the next track of music. When calling it is much, much easier if a pause persists.
The "go back" button can do one of two things when it is pressed in the middle of a track (whether
actually playing or paused): it can go back to the start of the current track or to the start of
the preceeding track. The latter behaviour is a real nuisance when calling.
I settled on using PowerAMP because, amongst many useful
features, it has the following characteristics:
Persistent pause. When is pressed followed by
it does not start playing immeadiately. For calling dances this is the behaviour that is required.
There is an option to decide how the behaves. Unfortunately the default
is to go to the start of the previous track so this setting has to be altered; it only needs to be done once.
Press → more → settings → Look and
feel → General → << Button Resets Current Track
Make sure this option is ticked.
Note that even with this option active, pressing when the play point is at, or very close to,
the start of a track moves back to the start of the previous track in the album or playlist. This is
acceptable, indeed very useful, behaviour.
The arrangement of the controls in PowerAMP leaves plenty of space between the play/pause button and the time indicator that
extends across the screen lower down.
On some other music players these controls are positioned too close together; it is then very easy to hit the time indicator
accidentally so jumping to play at that time in middle of the track.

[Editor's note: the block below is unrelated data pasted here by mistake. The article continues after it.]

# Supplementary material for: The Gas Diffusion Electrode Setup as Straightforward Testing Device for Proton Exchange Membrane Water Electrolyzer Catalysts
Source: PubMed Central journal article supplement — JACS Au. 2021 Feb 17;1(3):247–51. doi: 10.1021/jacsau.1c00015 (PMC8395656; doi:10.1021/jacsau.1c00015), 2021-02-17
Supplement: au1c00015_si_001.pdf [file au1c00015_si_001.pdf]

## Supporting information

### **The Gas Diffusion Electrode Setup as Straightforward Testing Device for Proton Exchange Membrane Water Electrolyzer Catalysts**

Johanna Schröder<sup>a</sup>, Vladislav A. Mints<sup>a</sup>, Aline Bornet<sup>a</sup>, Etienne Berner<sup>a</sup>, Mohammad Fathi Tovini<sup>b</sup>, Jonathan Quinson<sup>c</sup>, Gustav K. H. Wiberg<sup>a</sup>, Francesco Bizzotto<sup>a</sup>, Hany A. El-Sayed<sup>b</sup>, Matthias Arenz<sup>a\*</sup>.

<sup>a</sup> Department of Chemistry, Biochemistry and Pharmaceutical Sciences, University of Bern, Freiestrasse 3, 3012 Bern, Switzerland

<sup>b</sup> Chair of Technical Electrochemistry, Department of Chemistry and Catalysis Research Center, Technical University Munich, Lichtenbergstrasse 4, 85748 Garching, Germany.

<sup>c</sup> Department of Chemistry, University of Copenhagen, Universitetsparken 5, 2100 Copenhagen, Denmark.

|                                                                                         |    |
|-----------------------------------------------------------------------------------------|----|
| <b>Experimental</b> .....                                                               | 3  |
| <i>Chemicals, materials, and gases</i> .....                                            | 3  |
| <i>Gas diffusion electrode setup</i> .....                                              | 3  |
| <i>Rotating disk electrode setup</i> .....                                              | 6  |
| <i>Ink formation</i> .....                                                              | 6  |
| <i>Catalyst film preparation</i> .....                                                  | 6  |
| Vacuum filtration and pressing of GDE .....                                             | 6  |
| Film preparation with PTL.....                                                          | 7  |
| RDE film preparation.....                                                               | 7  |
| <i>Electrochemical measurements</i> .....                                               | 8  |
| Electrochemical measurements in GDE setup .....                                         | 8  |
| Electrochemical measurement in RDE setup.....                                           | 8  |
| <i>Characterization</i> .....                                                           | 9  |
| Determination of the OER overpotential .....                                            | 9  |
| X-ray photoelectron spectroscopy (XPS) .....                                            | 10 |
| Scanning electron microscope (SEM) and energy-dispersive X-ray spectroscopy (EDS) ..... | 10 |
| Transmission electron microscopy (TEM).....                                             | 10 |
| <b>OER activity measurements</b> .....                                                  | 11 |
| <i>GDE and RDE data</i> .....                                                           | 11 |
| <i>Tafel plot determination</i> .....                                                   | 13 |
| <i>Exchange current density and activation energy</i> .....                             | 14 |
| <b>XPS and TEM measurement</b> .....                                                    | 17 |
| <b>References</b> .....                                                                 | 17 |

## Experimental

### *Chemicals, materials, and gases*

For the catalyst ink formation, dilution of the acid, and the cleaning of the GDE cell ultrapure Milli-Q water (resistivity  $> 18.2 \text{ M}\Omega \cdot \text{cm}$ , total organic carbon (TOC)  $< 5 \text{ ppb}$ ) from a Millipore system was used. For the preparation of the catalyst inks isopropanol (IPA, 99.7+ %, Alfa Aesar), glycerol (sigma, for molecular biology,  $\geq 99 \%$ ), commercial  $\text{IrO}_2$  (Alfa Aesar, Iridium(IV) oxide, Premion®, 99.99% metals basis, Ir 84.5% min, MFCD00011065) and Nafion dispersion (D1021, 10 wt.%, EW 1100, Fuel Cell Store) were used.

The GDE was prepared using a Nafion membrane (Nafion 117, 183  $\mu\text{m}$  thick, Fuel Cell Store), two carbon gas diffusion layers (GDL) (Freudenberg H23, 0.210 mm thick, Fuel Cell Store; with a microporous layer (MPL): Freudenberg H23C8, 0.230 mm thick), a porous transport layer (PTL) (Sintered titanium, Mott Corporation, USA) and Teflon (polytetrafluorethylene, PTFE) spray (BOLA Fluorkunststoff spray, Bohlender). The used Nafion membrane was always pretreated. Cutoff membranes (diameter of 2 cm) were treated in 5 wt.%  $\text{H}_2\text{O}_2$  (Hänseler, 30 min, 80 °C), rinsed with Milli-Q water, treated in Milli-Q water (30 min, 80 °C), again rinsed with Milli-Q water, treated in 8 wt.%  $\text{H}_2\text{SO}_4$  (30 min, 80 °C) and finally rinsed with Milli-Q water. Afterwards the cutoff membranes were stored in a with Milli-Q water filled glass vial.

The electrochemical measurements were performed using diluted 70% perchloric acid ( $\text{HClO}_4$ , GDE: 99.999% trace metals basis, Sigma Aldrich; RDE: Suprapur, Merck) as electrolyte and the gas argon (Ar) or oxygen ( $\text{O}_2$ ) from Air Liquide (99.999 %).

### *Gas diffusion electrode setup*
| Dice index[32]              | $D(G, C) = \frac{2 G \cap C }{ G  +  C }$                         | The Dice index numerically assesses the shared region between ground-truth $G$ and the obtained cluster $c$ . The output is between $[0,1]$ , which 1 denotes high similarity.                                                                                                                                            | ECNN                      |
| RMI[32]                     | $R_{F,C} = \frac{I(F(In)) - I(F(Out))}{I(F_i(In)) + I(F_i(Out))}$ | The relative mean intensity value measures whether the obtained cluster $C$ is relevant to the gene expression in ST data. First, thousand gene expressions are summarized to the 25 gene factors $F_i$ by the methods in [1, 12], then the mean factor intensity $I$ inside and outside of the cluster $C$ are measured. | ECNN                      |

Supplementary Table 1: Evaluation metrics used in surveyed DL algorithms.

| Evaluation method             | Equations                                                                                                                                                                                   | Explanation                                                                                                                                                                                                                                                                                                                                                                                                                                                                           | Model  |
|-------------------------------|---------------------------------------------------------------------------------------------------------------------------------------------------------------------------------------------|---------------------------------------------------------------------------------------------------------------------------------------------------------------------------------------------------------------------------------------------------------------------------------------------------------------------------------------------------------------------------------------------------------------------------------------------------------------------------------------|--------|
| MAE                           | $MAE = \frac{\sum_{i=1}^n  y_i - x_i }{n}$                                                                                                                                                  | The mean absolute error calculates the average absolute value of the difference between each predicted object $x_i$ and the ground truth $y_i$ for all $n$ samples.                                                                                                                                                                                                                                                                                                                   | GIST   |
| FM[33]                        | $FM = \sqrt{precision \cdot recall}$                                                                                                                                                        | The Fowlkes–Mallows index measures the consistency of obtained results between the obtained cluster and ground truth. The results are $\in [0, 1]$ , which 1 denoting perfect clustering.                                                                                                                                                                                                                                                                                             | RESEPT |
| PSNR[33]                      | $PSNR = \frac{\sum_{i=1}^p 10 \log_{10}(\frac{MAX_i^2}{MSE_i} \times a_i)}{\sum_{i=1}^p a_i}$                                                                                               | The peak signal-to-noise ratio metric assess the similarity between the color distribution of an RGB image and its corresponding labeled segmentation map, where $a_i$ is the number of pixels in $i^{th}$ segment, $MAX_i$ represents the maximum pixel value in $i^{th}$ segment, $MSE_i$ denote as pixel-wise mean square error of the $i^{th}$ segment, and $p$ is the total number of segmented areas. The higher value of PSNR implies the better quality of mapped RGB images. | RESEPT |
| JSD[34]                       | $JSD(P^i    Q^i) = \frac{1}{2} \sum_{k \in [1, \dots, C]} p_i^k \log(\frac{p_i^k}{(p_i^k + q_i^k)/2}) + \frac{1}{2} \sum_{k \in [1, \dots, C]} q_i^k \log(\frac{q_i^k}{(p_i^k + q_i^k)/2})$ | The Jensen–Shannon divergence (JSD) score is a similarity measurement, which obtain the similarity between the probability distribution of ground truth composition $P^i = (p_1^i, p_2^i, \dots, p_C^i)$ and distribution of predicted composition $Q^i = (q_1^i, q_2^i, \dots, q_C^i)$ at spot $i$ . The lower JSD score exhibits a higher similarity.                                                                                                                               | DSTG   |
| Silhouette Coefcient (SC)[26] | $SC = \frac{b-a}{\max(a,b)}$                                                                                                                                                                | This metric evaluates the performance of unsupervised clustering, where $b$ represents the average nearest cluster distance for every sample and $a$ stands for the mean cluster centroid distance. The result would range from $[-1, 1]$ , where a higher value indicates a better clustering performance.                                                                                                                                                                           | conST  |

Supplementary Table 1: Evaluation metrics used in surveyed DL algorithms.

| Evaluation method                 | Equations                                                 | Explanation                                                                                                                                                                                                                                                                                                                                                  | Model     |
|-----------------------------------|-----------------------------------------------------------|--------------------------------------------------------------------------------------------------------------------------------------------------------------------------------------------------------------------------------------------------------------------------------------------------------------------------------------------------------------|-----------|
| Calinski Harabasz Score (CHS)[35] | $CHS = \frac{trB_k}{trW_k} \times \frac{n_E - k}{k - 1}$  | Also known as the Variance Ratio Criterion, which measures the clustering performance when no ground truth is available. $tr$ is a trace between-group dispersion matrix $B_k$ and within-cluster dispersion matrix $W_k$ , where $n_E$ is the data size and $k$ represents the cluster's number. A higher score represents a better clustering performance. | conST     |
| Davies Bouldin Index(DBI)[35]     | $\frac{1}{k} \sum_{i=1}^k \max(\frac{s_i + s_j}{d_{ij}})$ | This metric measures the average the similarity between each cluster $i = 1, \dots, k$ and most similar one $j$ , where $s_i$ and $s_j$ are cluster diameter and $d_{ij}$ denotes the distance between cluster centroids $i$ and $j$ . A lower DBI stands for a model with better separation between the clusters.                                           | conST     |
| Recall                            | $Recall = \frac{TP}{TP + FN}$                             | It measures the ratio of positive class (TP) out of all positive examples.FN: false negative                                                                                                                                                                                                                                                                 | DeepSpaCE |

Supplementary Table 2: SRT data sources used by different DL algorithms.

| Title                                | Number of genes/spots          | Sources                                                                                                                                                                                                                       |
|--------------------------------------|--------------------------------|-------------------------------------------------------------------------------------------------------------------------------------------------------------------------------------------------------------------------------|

PowerAMP builds and maintains its own database of music files (such as ".mp3"), the directories (that is folders) where they
are stored, the track titles (which are inside each ".mp3" file) and the album to which they belong (also
within each ".mp3" file). You can define which areas of storage should be scanned to find music files. Usually the scanning
occurs automatically when changes in these areas are detected, but a scan can be requested. PowerAMP goes even further,
as a complete rebuild of the database can be forced. Having suffered the consequences of another music player (not
PowerAMP) corrupting a
database, but offering no means to rebuild it, this capabiltiy in PowerAMP is very reassuring even though I have never had
to use it.
It should be noted that PowerAMP does not use the music database that is set up and maintained by the default Android
music player and the operating system. Again this is reassuring as the default Android music player and its database
remain as an independent fall-back.
PowerAMP can export and import playlists as ".m3u8" files. These are simple text files which list
the directory and filename of the music tracks that form the playlist. Being text files, they can be
manipulated or generated by any software that can
edit or write a text file. Such software can be on the tablet or on other computers (such as a
Windows or Linux PC).
Album art is well displayed at a large scale, optionally with a co-ordinated background.
Although I normally use an 8"
tablet in portrait orientation (see picture
above), PowerAMP works perfectly well with the tablet in landscape orientation.
When navigating to locate a track to play, there is a choice between using:
The album name that is stored within each ".mp3" file, or